Welcome to the 21st Century!
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Welcome to the 21st Century!

By Jay C. McAmis, Deputy Director of the Office of Emergency Management, CEM©, City of San José, California

Jay C. McAmis, Deputy Director of the Office of Emergency Management, CEM©, City of San José, California

With the rapid rise of successful technology solutions for many common daily tasks and administrative chores in the workplace, we have seen a corresponding rise in the expectation from the public that local government deliver similar solutions on a grander scale. This has created a variety of challenges for local emergency managers regardless of the size of the jurisdiction.

Over my 39-year professional career I have not only witnessed, but have participated in, numerous projects that focused on adapting technology advancements to challenges facing the organization or agency I was working for.  Anything from database management, project collaboration, situational awareness and operational coordination, or simple media presentation and graphic user interface challenges. One thing in particular that I’ve noticed about emerging technology is that when it works, it works great, but when it fails it’s a disaster in and unto itself.  Additionally, with the continued threat of cyber attacks, exposing life safety systems to single points of failure is always a concern for emergency managers.

"Developing a technology solution that incorporates the look and feel of what they are used to interacting with could help reduce the amount of anxiety encountered when called to the EOC for an activation"

From an operational perspective my peers and I have been looking for a dynamic workflow system that can be adapted to an emergency operations center environment, commonly referred to as an “EOC.” An EOC is traditionally managed by a small cadre of personnel, and when activated, is staffed by representatives of the various city departments to centrally manage response to an emergency or to coordinate recovery operations. In a sense it is a microcosm of local governance focused on an event.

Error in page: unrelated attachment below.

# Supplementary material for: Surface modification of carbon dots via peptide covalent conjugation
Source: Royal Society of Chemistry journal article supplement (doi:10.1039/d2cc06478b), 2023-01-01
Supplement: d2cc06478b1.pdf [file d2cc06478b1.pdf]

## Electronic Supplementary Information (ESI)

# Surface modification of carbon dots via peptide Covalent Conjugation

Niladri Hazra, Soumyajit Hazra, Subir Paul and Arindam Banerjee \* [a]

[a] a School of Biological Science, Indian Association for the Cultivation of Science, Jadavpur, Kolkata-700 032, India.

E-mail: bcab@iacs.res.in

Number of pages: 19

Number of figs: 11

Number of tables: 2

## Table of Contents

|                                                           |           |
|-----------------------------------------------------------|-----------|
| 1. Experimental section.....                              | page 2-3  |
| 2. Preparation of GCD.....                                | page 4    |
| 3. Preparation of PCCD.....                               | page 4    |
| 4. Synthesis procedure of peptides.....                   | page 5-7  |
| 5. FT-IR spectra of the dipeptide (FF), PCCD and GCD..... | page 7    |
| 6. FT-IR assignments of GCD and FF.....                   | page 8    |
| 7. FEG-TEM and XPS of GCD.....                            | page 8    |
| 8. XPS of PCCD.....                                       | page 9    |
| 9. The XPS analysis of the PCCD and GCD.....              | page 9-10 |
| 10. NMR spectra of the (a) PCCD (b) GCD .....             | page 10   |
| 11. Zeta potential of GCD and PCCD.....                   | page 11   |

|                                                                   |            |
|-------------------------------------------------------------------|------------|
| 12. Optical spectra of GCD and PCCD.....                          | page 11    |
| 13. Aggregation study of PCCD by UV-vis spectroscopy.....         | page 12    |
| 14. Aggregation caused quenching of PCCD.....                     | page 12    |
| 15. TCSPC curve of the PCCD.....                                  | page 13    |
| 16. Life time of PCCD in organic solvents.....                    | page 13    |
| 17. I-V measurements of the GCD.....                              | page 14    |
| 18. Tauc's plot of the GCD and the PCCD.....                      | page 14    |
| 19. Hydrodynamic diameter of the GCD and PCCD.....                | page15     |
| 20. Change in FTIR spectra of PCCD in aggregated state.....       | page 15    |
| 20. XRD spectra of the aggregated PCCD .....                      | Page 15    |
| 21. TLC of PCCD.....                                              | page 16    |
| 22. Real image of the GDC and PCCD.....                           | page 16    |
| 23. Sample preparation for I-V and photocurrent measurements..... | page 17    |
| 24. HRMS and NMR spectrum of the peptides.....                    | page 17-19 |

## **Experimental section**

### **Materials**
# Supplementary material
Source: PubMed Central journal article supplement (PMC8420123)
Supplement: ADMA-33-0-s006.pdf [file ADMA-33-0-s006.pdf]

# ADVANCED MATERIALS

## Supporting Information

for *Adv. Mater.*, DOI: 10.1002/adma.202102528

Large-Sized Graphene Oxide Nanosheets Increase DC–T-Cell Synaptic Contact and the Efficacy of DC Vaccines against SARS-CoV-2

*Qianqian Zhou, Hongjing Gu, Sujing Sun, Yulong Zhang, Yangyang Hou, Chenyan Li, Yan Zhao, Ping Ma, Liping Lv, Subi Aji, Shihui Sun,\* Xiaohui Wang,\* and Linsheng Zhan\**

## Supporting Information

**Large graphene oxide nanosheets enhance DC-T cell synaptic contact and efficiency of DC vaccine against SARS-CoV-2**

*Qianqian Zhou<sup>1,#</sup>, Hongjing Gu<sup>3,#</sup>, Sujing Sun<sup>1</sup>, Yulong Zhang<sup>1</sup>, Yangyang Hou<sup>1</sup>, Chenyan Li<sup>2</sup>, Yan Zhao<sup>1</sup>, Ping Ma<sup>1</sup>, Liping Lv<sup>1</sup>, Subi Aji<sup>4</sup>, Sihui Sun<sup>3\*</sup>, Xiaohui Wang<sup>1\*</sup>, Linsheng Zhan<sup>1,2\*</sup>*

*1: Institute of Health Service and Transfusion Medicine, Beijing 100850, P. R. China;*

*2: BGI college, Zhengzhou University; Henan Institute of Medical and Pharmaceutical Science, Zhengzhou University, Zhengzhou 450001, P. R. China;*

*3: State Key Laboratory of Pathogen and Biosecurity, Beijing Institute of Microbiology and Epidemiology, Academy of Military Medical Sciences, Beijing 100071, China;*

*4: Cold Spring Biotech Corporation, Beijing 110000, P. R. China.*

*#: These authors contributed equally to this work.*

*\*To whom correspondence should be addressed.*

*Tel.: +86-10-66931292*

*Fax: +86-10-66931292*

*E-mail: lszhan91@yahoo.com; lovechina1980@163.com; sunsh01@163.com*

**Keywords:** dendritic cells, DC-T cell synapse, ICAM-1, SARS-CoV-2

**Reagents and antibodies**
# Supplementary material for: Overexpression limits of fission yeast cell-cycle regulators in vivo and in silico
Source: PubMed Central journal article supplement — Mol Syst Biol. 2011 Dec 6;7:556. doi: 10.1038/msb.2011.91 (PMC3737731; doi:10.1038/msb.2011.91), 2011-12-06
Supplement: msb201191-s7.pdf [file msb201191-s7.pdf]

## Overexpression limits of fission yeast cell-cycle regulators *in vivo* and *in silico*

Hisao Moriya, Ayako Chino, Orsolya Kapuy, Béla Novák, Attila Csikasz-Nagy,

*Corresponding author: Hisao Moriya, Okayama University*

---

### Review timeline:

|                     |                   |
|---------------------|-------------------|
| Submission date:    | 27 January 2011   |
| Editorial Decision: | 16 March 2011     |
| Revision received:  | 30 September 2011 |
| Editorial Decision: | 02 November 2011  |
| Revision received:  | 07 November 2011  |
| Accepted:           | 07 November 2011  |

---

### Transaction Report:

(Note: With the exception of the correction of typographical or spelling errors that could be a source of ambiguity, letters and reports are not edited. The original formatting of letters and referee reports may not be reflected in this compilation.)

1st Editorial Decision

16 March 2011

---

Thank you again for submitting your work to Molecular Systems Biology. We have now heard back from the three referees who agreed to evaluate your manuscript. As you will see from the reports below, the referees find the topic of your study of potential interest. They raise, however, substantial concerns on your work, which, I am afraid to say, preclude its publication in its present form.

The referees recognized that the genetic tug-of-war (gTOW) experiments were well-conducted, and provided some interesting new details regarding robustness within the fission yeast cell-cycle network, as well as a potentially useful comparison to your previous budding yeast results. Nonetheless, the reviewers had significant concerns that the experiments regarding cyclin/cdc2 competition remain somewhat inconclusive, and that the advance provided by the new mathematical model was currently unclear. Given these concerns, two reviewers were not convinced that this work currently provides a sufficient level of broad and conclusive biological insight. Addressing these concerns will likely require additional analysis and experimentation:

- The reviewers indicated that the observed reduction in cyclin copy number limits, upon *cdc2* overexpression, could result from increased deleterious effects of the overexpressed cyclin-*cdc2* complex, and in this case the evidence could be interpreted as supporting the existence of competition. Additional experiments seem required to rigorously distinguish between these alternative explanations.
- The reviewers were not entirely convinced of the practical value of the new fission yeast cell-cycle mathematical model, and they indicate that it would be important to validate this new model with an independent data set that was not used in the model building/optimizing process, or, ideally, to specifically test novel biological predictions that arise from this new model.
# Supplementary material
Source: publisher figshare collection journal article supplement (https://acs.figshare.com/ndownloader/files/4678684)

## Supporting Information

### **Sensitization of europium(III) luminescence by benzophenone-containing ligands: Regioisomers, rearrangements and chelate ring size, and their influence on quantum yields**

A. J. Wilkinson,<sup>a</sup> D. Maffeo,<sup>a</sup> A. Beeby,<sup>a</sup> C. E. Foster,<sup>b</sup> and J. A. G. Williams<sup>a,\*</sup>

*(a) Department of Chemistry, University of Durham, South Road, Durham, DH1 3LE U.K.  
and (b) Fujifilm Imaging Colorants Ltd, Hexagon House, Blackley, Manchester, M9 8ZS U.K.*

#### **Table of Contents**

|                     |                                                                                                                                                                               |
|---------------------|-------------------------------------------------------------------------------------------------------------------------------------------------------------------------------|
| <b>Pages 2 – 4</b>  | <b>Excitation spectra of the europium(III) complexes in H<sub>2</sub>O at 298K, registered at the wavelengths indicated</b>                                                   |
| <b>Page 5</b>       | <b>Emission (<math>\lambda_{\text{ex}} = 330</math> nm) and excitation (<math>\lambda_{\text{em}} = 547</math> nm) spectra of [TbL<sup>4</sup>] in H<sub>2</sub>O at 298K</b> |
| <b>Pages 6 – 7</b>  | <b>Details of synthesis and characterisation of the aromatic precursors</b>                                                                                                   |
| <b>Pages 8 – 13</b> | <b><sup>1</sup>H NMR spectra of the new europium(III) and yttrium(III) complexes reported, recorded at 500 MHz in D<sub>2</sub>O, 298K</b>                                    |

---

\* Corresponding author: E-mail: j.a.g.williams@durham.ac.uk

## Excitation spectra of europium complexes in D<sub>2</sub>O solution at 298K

Depending on the jurisdiction, departmental staff have limited exposure to this working environment throughout the year.  Usually no more than 20-30 hours a year in training and exercises.  This is the first challenge. How do you manage the workflow of a large group of individuals in a high stress environment who rarely work together on common objectives in a dynamic work environment like an EOC?

In many cases each individual department likely already has a robust data management and/or workflow system that supports its primary mission.  EOC staff are knowledgeable in their departmental job classification and are assigned to the EOC due to their ability to manage resources within their area of expertise, along with the authority to make decisions. 

A potential course of action would be to create a workflow process in the EOC that more closely aligns with systems and tools already utilized by personnel in their primary work routines.  Developing a technology solution that incorporates the look and feel of what they are used to interacting with could help reduce the amount of anxiety encountered when called to the EOC for an activation.  As a colleague once told me, “Why ask staff that are used to driving a car to fly a plane?  Wouldn’t it suffice to simply offer them a different car to drive?” Such a workflow process would most likely be beyond the capability of most jurisdictions to develop on their own.

When working in the EOC within the action planning process EOC staff are expected to apply their expertise within the confines of specific functions as defined by emergency management doctrine established by the state or federal government.  In the State of California, this doctrine is known as the Standardized Emergency Management System (SEMS), and at the Federal level, the National Incident Management System (NIMS). Adhering to protocol is important since eligibility for mitigation grants and disaster recovery funding from the state or federal government is predicated upon following these established doctrines.